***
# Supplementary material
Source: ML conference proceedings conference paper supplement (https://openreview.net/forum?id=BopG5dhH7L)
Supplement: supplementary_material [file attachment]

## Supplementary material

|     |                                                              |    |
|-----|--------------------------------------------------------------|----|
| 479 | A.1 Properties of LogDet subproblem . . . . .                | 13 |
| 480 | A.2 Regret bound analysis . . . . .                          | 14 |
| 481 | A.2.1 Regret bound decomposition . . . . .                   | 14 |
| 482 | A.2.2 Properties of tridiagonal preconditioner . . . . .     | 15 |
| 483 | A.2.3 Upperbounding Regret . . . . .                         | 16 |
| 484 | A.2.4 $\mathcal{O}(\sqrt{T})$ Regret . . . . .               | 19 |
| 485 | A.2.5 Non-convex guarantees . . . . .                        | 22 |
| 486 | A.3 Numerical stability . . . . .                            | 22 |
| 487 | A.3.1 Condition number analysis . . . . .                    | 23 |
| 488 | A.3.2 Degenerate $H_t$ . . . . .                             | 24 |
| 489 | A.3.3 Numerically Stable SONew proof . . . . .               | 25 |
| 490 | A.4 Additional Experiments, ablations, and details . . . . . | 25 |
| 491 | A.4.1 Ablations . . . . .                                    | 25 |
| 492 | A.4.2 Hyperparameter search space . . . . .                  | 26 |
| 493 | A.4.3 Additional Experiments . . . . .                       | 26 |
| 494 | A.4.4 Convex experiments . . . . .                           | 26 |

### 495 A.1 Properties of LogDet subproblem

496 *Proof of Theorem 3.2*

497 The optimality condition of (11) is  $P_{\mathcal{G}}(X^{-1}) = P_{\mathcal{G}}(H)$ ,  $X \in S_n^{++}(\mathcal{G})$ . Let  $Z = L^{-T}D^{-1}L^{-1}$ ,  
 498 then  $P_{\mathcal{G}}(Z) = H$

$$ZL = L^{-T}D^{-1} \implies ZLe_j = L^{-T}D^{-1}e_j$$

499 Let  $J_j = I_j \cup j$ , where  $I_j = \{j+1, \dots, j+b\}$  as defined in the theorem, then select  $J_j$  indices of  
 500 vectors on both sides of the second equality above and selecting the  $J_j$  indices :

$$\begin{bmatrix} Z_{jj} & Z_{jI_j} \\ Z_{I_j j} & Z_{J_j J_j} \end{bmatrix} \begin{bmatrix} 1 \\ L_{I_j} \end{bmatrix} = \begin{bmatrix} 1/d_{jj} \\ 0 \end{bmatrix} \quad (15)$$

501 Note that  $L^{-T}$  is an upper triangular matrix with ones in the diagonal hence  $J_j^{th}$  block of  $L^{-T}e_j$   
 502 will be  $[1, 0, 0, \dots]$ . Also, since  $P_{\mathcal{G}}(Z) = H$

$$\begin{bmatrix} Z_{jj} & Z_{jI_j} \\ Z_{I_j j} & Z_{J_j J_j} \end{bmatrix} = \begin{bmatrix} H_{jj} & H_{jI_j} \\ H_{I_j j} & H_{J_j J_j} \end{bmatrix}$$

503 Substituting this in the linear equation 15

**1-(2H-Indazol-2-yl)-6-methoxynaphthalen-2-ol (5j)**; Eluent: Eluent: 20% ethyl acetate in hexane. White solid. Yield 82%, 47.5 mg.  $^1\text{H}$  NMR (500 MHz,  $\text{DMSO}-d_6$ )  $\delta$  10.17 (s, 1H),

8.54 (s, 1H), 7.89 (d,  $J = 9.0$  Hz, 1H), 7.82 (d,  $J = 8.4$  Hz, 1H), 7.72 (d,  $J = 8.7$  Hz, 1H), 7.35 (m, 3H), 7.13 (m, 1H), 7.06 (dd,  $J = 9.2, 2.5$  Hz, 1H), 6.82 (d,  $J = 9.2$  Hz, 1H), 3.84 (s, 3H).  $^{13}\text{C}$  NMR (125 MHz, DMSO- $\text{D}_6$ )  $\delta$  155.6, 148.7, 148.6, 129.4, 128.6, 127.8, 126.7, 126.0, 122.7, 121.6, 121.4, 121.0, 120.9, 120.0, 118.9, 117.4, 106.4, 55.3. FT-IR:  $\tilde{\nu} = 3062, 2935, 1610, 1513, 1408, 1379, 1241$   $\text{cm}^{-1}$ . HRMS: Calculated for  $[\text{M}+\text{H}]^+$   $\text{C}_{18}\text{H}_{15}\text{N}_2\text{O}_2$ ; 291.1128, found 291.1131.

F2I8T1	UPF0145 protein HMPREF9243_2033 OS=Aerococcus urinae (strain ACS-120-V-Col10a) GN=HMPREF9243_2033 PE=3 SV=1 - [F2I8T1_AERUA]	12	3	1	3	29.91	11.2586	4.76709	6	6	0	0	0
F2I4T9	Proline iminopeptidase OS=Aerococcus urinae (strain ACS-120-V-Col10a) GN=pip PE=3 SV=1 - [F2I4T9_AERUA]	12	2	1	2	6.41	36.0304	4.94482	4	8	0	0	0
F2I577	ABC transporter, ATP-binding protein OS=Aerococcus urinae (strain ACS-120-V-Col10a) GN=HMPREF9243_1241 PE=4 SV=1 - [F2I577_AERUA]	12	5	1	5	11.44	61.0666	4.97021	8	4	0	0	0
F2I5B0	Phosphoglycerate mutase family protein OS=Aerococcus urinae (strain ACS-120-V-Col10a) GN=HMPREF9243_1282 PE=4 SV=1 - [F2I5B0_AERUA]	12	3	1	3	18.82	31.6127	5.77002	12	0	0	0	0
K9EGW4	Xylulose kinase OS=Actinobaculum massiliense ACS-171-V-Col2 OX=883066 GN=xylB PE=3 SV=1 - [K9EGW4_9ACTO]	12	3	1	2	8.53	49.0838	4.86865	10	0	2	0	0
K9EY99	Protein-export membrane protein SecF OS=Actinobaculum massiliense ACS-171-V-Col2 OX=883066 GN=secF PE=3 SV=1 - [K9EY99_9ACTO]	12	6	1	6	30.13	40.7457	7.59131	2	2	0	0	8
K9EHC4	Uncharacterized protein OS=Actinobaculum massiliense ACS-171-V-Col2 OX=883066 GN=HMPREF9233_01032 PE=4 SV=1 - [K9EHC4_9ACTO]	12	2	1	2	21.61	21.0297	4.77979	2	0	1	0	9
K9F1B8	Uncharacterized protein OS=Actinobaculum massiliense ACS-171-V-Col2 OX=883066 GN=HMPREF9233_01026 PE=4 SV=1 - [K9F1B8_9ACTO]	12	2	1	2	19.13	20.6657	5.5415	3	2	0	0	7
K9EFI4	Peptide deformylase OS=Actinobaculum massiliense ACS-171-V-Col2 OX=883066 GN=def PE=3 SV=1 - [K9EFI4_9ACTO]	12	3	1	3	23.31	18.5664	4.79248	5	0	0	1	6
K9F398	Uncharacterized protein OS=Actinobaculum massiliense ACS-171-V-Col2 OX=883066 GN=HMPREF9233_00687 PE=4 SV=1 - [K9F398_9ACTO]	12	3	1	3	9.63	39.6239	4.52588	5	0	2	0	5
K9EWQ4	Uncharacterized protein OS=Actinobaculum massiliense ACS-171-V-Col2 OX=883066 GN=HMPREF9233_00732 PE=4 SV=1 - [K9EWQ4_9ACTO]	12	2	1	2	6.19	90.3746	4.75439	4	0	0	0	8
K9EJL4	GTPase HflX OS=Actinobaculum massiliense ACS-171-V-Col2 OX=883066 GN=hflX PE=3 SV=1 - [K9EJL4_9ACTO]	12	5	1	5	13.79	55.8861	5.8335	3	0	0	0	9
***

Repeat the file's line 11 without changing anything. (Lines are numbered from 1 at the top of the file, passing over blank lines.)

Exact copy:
| 483 | A.2.3 Upperbounding Regret . . . . .                         | 16 |